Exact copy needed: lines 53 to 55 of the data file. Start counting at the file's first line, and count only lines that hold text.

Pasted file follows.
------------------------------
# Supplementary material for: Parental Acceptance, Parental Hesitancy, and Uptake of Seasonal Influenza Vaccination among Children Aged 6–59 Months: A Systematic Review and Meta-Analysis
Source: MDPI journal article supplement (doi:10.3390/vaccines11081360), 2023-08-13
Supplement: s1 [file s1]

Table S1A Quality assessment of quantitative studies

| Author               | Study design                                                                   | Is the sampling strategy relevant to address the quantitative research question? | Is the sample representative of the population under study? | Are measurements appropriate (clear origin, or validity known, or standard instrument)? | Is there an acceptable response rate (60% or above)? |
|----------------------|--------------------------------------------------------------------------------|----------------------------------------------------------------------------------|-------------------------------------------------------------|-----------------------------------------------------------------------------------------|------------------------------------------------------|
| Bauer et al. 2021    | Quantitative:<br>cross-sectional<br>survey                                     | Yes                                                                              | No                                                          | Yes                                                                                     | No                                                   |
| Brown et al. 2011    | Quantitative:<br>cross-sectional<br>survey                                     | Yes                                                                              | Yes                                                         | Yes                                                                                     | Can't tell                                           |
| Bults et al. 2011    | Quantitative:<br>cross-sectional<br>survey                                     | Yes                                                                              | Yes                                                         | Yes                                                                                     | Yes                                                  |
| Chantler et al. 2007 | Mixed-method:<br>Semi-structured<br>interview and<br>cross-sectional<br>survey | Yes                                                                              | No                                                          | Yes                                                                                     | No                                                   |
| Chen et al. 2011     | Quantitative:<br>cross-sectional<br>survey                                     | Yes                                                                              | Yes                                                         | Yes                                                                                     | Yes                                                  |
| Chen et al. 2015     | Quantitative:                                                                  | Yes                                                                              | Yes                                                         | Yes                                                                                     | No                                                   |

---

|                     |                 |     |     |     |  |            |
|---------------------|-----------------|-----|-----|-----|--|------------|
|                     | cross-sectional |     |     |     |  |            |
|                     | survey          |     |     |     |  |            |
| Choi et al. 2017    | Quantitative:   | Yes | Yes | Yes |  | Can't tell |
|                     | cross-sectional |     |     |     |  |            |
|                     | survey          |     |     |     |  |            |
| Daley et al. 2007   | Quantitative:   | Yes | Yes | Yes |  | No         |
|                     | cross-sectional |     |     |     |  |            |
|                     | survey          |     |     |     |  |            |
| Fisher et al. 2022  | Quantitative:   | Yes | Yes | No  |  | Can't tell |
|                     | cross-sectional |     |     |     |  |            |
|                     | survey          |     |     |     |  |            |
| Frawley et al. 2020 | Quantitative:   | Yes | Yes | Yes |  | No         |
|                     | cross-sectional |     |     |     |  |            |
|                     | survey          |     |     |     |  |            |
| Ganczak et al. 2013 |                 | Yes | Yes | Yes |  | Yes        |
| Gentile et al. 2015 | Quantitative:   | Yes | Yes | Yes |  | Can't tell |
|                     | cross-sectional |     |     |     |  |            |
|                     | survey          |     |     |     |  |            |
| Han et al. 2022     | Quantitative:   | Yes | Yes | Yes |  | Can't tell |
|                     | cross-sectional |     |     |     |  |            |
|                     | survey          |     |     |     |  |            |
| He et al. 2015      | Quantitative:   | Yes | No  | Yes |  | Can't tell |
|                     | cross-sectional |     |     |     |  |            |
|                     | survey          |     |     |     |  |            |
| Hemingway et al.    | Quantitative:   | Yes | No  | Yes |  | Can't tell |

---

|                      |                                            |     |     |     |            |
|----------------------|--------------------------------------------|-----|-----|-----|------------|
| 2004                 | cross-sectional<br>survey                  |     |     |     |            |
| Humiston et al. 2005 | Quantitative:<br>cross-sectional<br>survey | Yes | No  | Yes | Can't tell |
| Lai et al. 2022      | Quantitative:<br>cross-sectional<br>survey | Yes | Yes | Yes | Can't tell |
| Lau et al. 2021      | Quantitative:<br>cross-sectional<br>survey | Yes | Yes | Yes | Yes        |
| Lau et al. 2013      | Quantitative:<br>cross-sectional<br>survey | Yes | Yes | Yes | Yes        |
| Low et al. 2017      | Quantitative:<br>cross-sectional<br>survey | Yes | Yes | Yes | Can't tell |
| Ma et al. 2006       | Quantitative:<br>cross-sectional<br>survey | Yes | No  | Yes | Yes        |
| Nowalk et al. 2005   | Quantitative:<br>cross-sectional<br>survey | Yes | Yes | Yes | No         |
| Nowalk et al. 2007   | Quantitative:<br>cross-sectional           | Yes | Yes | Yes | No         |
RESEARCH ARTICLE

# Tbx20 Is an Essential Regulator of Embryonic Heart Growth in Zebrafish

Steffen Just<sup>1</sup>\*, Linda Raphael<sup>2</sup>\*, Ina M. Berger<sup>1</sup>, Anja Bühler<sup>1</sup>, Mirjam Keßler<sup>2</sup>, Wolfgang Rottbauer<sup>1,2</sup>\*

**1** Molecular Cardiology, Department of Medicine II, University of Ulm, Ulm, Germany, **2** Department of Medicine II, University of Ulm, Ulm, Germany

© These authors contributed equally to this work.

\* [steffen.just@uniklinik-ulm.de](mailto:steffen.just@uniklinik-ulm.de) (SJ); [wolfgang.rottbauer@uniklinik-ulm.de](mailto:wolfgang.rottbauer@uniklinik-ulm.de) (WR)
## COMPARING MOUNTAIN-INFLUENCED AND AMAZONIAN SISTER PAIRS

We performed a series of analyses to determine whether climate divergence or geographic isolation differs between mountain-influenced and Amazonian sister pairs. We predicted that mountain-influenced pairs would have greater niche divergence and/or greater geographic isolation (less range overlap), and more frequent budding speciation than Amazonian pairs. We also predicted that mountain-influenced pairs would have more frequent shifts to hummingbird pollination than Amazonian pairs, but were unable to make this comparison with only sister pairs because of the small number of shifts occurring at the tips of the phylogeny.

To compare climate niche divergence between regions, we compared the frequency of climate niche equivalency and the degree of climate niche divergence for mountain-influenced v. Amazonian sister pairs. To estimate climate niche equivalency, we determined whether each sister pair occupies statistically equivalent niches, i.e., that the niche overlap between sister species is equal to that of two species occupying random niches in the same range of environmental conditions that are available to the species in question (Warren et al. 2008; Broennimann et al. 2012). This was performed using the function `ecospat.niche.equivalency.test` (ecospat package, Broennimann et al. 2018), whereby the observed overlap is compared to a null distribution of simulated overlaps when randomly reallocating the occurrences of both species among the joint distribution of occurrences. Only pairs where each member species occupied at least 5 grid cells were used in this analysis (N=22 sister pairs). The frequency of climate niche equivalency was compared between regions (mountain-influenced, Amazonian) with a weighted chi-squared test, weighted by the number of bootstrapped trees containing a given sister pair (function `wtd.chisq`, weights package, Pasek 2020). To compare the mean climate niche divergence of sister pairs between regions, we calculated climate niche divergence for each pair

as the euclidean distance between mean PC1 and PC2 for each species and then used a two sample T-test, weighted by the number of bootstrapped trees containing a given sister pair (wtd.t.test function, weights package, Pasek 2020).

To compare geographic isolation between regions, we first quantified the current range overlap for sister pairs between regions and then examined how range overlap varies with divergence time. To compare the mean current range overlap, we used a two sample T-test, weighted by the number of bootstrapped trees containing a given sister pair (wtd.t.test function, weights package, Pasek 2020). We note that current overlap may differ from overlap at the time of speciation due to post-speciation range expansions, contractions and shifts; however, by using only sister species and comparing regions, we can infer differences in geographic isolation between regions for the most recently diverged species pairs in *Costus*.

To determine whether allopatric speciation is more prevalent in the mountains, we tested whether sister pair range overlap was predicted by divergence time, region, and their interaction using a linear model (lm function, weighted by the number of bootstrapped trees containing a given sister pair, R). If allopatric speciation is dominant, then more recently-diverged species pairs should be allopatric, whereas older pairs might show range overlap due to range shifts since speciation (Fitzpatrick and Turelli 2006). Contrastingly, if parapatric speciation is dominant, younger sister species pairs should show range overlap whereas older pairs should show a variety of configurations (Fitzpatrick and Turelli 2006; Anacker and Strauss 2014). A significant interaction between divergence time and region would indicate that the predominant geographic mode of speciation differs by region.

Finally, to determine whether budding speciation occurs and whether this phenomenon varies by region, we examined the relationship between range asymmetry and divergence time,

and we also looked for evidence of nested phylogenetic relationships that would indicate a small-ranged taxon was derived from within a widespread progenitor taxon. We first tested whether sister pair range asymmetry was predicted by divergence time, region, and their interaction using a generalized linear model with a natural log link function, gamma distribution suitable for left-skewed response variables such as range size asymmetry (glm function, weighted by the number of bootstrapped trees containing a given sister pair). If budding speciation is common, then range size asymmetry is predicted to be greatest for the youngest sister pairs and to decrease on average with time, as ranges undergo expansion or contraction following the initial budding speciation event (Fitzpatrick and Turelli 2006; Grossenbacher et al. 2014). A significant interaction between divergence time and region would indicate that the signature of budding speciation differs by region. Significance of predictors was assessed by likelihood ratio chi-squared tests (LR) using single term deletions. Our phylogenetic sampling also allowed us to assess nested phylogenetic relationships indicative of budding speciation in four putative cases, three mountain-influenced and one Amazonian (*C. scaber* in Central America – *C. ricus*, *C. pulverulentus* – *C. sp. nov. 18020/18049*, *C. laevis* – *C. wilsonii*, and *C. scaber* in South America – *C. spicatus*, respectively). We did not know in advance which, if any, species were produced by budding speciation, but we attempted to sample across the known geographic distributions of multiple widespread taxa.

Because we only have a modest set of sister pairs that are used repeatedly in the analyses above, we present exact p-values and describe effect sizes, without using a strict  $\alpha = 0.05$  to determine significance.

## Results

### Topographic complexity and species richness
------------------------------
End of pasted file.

RESEARCH ARTICLE

# Tbx20 Is an Essential Regulator of Embryonic Heart Growth in Zebrafish

Steffen Just<sup>1</sup>\*, Linda Raphael<sup>2</sup>\*, Ina M. Berger<sup>1</sup>, Anja Bühler<sup>1</sup>, Mirjam Keßler<sup>2</sup>, Wolfgang Rottbauer<sup>1,2</sup>\*